The Wycliffe Commentary
After I presented the above text to the person who believed the root of bitterness might be speaking to personal relationships, the person pointed out the Wycliffe Commentary on Hebrews 12 and verses 14-15, which they felt said something different. Take a look:
Follow peace with all men, and holiness, without which no man shall see the Lord:
Human relationships improve when the nature of adversity is understood. Follow after peace with all men (ASV). As one seeking harmony, as one having a peaceful spirit, and as one who desires unity and fellowship among the righteous. Men. Better omitted. And holiness. The covering or comprehensive term (hagiasmon, "sanctification"). Lord (kyrion) is more probably God than Christ. Certainly one of the essential proofs of new life in Christ lies in the way believers get along with each other.
The antithesis follows. Here is one who comes short, who fails because deep within him is a root of bitterness that poisons everything and everyone - thereby many be defiled. This root of bitterness is like an infection that spreads through the whole community (hoi polloi) of believers. Notice, this describes a breakdown in human relations among believers because one believer has become bitter.
(from The Wycliffe Bible Commentary)
If you are armed with the other two commentaries I used above, you will see where this one is coming from. It is not speaking to relationships, as in their feelings for each other. It is specifically speaking to common belief and doctrine. The relationships here are speaking to unity in the congregation. What does it mean to "follow after peace with all men."? It says it right in the commentary above: "...As one seeking harmony (of doctrine and belief).", "...as one who desires unity and fellowship among the righteous." This is not talking about friendship or marriage. It is talking about a unity of righteousness. Righteousness is a word describing one in the Salvation Process, possessing truth and immersed in the Word of God. The righteous, by definition do not hold to false doctrine. The only way a congregation can have unity and fellowship is if they are all righteous...in common belief, in the same truth and in the same Salvation Process. Then we see the antithesis in the commentary.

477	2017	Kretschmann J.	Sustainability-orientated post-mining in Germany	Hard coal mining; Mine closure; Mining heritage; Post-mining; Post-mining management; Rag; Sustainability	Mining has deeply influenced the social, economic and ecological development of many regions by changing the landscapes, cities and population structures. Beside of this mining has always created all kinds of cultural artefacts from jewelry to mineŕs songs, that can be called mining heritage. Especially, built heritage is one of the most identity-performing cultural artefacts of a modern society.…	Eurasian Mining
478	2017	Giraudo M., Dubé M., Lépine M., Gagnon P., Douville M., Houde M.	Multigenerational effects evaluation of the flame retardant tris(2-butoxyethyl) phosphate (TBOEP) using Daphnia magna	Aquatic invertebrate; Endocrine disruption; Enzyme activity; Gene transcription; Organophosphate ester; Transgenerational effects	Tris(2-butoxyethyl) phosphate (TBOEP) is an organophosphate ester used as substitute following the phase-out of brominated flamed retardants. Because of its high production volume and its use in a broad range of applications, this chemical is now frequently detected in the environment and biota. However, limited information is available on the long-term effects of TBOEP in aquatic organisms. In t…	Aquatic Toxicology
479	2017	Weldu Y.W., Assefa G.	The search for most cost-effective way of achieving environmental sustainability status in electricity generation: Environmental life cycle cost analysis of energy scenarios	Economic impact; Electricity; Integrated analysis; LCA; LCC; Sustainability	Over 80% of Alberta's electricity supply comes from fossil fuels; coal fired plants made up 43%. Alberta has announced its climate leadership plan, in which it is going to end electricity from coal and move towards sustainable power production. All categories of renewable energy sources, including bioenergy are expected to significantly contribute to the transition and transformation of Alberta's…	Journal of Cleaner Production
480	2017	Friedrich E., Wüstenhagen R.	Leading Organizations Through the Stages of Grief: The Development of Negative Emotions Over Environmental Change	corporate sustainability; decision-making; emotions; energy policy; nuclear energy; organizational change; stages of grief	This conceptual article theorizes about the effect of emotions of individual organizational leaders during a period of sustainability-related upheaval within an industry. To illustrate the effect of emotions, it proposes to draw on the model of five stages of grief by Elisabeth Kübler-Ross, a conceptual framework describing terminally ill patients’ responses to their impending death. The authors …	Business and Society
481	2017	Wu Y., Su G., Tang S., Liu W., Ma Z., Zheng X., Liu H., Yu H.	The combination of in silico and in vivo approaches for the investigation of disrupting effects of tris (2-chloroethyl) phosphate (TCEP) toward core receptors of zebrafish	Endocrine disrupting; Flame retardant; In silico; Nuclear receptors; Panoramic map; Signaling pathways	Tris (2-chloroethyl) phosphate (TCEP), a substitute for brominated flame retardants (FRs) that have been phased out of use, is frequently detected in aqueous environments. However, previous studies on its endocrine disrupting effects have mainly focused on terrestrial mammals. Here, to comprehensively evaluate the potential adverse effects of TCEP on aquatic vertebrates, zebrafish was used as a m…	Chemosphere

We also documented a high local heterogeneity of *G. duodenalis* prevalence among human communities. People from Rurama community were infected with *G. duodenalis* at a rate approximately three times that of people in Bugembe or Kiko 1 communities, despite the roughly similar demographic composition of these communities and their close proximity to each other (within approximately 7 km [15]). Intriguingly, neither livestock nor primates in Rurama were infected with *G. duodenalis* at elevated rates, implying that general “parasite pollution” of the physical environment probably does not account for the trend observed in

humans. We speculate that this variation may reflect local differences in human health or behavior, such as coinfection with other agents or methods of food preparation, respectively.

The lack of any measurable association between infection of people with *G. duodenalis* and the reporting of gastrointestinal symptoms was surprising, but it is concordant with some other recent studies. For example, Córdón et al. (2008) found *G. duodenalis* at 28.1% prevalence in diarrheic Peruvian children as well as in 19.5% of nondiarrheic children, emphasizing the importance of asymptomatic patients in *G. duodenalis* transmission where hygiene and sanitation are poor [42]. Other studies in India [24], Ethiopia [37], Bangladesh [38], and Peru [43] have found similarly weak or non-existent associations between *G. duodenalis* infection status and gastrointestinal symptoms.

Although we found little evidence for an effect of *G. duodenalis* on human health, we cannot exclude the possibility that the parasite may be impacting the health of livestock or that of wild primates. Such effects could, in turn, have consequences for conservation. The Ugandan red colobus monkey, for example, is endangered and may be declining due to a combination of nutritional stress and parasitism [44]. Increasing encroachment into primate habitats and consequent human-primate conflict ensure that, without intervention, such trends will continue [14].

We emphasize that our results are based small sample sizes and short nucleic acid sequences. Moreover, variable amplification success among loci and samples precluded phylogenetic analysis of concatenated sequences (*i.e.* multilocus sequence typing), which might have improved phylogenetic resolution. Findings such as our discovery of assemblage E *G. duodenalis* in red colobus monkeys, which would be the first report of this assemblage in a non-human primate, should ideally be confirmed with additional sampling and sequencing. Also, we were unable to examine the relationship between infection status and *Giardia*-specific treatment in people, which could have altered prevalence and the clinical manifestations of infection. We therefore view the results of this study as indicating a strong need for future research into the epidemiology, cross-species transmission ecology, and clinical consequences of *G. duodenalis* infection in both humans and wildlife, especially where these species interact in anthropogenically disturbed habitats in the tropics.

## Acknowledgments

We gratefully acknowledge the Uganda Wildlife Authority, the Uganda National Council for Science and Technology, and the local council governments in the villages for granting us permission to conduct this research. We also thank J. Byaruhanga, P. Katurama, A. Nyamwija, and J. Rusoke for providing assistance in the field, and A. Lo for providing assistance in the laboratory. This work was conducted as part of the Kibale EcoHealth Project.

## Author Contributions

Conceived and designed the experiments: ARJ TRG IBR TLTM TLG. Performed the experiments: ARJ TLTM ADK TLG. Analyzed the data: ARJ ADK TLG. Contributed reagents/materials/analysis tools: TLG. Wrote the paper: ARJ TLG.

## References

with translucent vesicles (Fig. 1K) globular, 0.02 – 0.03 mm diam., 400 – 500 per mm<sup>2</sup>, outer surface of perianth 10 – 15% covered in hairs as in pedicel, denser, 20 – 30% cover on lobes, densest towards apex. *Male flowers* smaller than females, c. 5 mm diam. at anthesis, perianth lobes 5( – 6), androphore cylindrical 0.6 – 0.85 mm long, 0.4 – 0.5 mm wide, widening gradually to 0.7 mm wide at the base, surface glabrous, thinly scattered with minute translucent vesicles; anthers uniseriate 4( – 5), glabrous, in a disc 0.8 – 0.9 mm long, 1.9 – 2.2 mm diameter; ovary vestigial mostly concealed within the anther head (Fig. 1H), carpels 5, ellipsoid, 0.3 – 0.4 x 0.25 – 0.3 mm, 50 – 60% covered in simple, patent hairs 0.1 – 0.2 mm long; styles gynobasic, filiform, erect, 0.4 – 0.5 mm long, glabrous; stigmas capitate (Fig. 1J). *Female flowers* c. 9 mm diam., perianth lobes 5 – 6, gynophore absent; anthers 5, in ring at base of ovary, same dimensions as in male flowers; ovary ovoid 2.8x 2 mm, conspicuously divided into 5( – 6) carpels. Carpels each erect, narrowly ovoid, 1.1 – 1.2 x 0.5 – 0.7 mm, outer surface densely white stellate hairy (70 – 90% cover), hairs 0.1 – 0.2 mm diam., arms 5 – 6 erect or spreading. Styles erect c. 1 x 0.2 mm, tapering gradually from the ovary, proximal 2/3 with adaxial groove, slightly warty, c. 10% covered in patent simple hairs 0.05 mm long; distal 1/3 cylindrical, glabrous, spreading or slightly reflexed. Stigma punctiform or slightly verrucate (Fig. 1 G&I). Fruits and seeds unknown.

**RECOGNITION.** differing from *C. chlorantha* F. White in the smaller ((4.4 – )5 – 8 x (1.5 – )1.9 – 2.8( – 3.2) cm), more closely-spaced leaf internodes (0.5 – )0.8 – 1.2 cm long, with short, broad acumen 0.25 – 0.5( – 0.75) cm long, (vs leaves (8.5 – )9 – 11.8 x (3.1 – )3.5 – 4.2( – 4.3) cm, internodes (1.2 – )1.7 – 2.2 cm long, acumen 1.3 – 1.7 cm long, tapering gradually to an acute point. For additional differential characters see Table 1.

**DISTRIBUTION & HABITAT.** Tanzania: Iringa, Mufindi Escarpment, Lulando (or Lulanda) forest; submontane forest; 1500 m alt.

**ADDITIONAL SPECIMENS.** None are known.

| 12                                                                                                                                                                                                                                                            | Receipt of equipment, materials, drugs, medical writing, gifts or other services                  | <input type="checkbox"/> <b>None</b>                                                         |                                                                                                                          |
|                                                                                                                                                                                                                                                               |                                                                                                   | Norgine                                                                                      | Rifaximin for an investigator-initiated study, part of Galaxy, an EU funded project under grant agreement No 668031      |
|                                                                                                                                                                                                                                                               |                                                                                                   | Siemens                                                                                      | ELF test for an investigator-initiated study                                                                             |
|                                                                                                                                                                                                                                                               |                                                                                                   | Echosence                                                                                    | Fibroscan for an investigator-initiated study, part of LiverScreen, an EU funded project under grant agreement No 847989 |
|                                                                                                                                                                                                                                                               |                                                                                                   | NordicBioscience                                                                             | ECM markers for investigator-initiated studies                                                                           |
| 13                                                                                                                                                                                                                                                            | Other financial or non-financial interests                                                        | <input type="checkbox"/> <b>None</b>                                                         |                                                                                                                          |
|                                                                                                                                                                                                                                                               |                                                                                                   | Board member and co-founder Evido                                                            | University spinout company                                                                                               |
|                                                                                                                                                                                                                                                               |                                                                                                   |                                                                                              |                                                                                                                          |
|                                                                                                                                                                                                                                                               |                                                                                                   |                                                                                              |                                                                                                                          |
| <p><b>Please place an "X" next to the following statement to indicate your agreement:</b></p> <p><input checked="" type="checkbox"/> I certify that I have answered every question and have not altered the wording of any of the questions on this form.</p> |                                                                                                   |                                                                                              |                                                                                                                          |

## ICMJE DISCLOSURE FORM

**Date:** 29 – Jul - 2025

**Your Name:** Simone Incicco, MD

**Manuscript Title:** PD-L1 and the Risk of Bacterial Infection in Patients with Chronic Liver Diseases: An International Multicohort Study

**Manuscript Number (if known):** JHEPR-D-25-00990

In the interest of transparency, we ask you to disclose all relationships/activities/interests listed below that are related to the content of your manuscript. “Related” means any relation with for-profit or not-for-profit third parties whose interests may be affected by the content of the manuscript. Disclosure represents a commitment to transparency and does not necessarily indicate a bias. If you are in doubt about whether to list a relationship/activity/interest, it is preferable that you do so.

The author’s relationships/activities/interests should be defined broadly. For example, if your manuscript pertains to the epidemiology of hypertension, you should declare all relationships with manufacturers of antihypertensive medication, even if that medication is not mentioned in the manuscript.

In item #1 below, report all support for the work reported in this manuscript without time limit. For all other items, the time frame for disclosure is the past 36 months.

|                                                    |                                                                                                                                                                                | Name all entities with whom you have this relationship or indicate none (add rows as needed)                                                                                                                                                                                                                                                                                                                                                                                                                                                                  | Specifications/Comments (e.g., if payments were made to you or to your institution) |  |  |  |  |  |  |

This person cannot, by definition have fellowship and unity with the righteous. Reason? He has contrary doctrine and beliefs. In all probability, he is falling or has fallen from the faith [the Salvation Process]. As the commentary says, there is a breakdown in relations among believers because one believer has become bitter [because of his hold on false, contrary doctrine]. His bitterness is against truth and those who hold to that truth. His connection to the unity and fellowship is now destroyed.
Again, this is about doctrine and the unity of that doctrine and not the feelings and emotions and other related elements of a relationship between two individuals. Indeed, the commentary is speaking to the entire congregation and makes no reference to a relationship between two specific individuals.